Koonathara, Palakkad – A cool breeze, soulful prayer verses and eye-catching puppet shows mesmerize an audience of 25+ sitting on chairs under the night sky of Koonathara, a village in the Palakkad district of Kerala, India. They are a mix of locals and tourists from all over the world.
Tholpavakoothu (Thol means leather, Pava means puppet and Koothu means play) is a form of shadow puppet show that is performed at events and festivals in the temples of the goddesses Durga or Kaali. The art form is only found in Palakkad, Thrissur and neighboring villages in Kerala.
Between January and May, a 42-foot special test called Koothumadam is set up on the temple grounds three to four times a month. It shows mythological figures illuminated by fire or lights behind a screen.
The festive air can be felt as a rhythmic drum beat begins and the performers come out with a lit lamp. Fireworks announce the beginning of the performance and then in total darkness, except for the light from the lamp, there is a feeling of calm.
Behind the screen, which consists of a white cloth that is stretched over the Koothumadam, a row of 21 wicks in coconut shells, which are framed by a black cloth, is illuminated.
Tholpavakoothu is based on Kamba Ramayana (the Tamil version of the epic Ramayana), which tells the story of the Hindu god Sri Rama from his birth to his coronation as king of Ayodhya.
It is said that Tholpavakoothu is performed for the sake of the goddess Bhadrakali, since she could not see the murder of the demon king Ravana by Rama, which is why an idol of the goddess stands on a pedestal in front of the stage.
Approximately 160 puppets are used to represent the approximately 70 characters of Kamba Ramayana, narrated in a diction that is a mix of Malayalam and Tamil, with songs and poetry called Adalpattu.
Ten artists – the master puppeteer, singer, storyteller, and other puppeteers – are highly skilled in the art form.
62-year-old Lakshman Pulavar is one of them. He has performed since childhood, following in the footsteps of his father, grandfather and his predecessors.
His family is the sole keeper of the 300 year old art form and has been doing it for eight generations.
The master puppeteer is called “Pulavan”, which is derived from her family name Pulavar, which means learned scholar.
The approx. 80 cm high leather dolls are made by Lakshman and his sons with the help of other family members. They are cut out of buffalo and deerskin, painted with vegetable dyes and fastened with sticks.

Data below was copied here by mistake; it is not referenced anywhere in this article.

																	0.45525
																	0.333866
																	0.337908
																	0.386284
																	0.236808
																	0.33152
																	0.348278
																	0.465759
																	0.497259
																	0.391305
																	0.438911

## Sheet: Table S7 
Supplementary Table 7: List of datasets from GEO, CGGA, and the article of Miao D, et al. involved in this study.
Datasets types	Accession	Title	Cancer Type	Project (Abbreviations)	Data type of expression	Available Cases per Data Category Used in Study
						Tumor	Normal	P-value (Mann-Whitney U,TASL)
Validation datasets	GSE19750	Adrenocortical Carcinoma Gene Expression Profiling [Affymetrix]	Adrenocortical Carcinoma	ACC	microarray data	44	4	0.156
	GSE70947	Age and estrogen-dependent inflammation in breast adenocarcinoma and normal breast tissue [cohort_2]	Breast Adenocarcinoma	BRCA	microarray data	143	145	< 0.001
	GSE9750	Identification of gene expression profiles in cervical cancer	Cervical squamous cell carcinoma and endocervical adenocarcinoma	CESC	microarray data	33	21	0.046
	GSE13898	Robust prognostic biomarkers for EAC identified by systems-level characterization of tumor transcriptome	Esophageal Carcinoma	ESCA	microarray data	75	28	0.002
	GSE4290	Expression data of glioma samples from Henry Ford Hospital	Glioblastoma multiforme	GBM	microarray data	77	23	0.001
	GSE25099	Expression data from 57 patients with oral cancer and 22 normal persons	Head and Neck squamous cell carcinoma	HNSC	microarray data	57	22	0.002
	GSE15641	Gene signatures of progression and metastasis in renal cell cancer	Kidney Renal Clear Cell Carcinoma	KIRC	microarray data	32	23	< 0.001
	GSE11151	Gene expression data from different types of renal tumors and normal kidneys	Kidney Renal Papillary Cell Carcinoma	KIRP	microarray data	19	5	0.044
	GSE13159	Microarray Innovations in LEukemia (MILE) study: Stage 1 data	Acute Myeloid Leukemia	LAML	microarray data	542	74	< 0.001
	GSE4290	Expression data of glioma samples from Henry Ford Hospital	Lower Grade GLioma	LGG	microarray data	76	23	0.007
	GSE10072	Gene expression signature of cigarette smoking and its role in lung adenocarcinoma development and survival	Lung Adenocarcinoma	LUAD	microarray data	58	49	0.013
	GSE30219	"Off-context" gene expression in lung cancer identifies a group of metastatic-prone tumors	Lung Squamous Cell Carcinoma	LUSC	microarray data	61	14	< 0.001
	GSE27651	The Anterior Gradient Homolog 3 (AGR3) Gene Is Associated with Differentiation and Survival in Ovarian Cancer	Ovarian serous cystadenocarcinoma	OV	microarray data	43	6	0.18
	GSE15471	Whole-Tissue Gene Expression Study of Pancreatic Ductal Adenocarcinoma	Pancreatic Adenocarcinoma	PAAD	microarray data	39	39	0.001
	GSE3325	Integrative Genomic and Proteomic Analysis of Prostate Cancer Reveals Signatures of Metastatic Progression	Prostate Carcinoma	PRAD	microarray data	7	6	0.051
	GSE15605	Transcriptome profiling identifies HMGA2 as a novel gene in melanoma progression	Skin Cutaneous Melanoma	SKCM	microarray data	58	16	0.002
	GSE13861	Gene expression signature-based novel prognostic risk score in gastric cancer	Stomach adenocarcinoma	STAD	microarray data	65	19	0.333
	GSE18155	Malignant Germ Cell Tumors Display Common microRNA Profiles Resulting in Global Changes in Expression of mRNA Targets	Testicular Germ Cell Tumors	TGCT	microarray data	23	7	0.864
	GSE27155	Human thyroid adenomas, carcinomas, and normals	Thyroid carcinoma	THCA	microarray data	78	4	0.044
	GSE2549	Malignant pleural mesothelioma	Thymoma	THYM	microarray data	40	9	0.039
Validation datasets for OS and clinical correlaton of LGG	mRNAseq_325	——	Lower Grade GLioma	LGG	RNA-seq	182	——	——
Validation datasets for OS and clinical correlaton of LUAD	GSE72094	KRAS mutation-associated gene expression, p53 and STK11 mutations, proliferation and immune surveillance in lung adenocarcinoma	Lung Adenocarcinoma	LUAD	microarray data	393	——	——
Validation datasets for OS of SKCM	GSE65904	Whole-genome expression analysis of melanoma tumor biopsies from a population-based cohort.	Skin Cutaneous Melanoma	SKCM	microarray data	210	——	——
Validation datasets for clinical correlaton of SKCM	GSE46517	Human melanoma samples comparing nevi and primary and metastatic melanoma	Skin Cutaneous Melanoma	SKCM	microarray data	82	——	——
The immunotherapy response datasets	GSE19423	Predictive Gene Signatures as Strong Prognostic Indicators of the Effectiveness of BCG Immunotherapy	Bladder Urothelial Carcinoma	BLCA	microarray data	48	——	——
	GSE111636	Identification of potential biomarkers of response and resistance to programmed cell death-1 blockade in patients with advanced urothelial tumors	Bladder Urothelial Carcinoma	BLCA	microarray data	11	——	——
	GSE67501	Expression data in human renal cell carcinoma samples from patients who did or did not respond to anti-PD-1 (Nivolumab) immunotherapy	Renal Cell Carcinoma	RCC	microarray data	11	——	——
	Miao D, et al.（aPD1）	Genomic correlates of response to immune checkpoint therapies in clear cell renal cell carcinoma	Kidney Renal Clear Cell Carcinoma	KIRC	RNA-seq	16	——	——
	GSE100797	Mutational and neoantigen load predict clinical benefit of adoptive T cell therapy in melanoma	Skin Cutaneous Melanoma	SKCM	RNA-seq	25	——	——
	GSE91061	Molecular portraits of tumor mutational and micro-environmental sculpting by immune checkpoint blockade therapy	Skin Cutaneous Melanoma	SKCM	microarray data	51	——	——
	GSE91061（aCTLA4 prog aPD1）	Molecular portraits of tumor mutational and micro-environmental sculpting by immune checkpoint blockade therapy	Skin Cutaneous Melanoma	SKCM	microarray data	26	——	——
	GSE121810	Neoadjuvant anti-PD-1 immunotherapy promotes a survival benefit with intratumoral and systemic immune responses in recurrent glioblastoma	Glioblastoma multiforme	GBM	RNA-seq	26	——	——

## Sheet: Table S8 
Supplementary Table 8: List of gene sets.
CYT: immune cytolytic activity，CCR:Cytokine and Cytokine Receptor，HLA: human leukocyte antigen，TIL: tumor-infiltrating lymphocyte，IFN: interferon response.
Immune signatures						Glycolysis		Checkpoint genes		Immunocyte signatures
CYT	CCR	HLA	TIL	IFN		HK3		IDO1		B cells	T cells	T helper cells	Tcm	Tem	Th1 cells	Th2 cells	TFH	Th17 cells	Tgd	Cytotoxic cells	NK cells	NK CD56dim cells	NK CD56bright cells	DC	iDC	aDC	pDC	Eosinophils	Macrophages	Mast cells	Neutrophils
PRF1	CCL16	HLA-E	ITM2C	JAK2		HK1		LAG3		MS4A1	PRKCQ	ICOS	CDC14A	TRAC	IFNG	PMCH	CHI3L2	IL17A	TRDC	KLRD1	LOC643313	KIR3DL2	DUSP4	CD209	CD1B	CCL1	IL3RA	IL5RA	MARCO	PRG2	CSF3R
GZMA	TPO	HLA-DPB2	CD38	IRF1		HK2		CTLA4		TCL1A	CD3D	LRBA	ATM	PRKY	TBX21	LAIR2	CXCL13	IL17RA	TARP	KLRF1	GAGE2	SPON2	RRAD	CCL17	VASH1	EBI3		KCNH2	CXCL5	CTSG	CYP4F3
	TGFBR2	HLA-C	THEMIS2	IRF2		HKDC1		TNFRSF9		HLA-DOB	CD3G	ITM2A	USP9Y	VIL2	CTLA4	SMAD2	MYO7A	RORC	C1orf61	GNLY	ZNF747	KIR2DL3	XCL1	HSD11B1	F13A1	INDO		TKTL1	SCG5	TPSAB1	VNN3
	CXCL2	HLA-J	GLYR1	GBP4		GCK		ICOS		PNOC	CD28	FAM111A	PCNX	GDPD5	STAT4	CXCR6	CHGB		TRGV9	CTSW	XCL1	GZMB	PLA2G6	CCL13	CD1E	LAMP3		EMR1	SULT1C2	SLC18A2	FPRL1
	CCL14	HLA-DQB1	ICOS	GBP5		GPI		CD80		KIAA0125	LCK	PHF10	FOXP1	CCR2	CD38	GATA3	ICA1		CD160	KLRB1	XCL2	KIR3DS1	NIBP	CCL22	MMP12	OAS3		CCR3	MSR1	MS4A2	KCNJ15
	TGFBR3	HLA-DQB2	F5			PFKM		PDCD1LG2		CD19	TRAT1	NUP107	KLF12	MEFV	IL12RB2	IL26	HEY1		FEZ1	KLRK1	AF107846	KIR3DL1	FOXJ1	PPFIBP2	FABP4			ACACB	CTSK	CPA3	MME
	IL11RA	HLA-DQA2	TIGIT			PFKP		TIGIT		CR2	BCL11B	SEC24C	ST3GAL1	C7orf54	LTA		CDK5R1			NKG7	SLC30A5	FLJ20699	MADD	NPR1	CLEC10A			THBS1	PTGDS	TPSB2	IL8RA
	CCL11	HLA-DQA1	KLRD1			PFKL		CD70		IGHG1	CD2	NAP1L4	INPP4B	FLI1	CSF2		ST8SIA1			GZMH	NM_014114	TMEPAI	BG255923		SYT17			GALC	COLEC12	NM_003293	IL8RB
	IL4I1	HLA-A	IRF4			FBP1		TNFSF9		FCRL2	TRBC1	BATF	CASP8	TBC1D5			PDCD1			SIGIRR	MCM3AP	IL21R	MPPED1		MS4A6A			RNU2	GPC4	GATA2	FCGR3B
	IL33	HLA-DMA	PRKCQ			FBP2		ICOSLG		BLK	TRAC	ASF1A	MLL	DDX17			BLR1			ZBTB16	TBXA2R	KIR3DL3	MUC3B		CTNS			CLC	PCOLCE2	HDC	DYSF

Manipulating them requires skill and concentration and is one of the most difficult parts of the performance, which also involves memorizing a total of 2,100 slokas (verses) and their meanings.
In total, the Pulavar family performs in 82 temples across Palakkad, with Lakshman and his sons responsible for 20 temples and his brothers and cousins for the rest.
The performance usually lasts 21 days around the Pooram, the annual festival that falls in the first week of April but can be even longer. The family also puts on other shows that tell different stories at events and events related to Palakkad. These performances are shorter, some lasting as little as 30 minutes and requiring fewer artists.
“Artists have to go through years of rigorous training before they can master this art form,” explains Lakshman, who is currently training some students and holds a doll in his hand as he speaks. “It took me a long time to literally recite all of the verses,” he adds.
“I love to be a part of it”
The Harisree Kannan Tholpavakoothu Kalakendram in Koonathara is an institute for tholpavakoothu performances and is directed by Lakshman and his sons, 31-year-old Sajeesh and 22-year-old Sajith.
The institute organizes training courses and summer camps to teach the art form as well as doll making, training 10 to 20 adult students and 150 to 200 students at any given time. They also run workshops for international students studying Indian culture. Since the pandemic, Sajeesh has been giving online courses on a makeshift stage in his home.
“The drum beats and music add a sense of euphoria and excitement to the performance, and I love being a part of it,” says Sajith, eyes sparkling as he speaks.
His brother Sajeesh left the village to study mechanical engineering and work for an automobile company, but soon returned to continue the family tradition.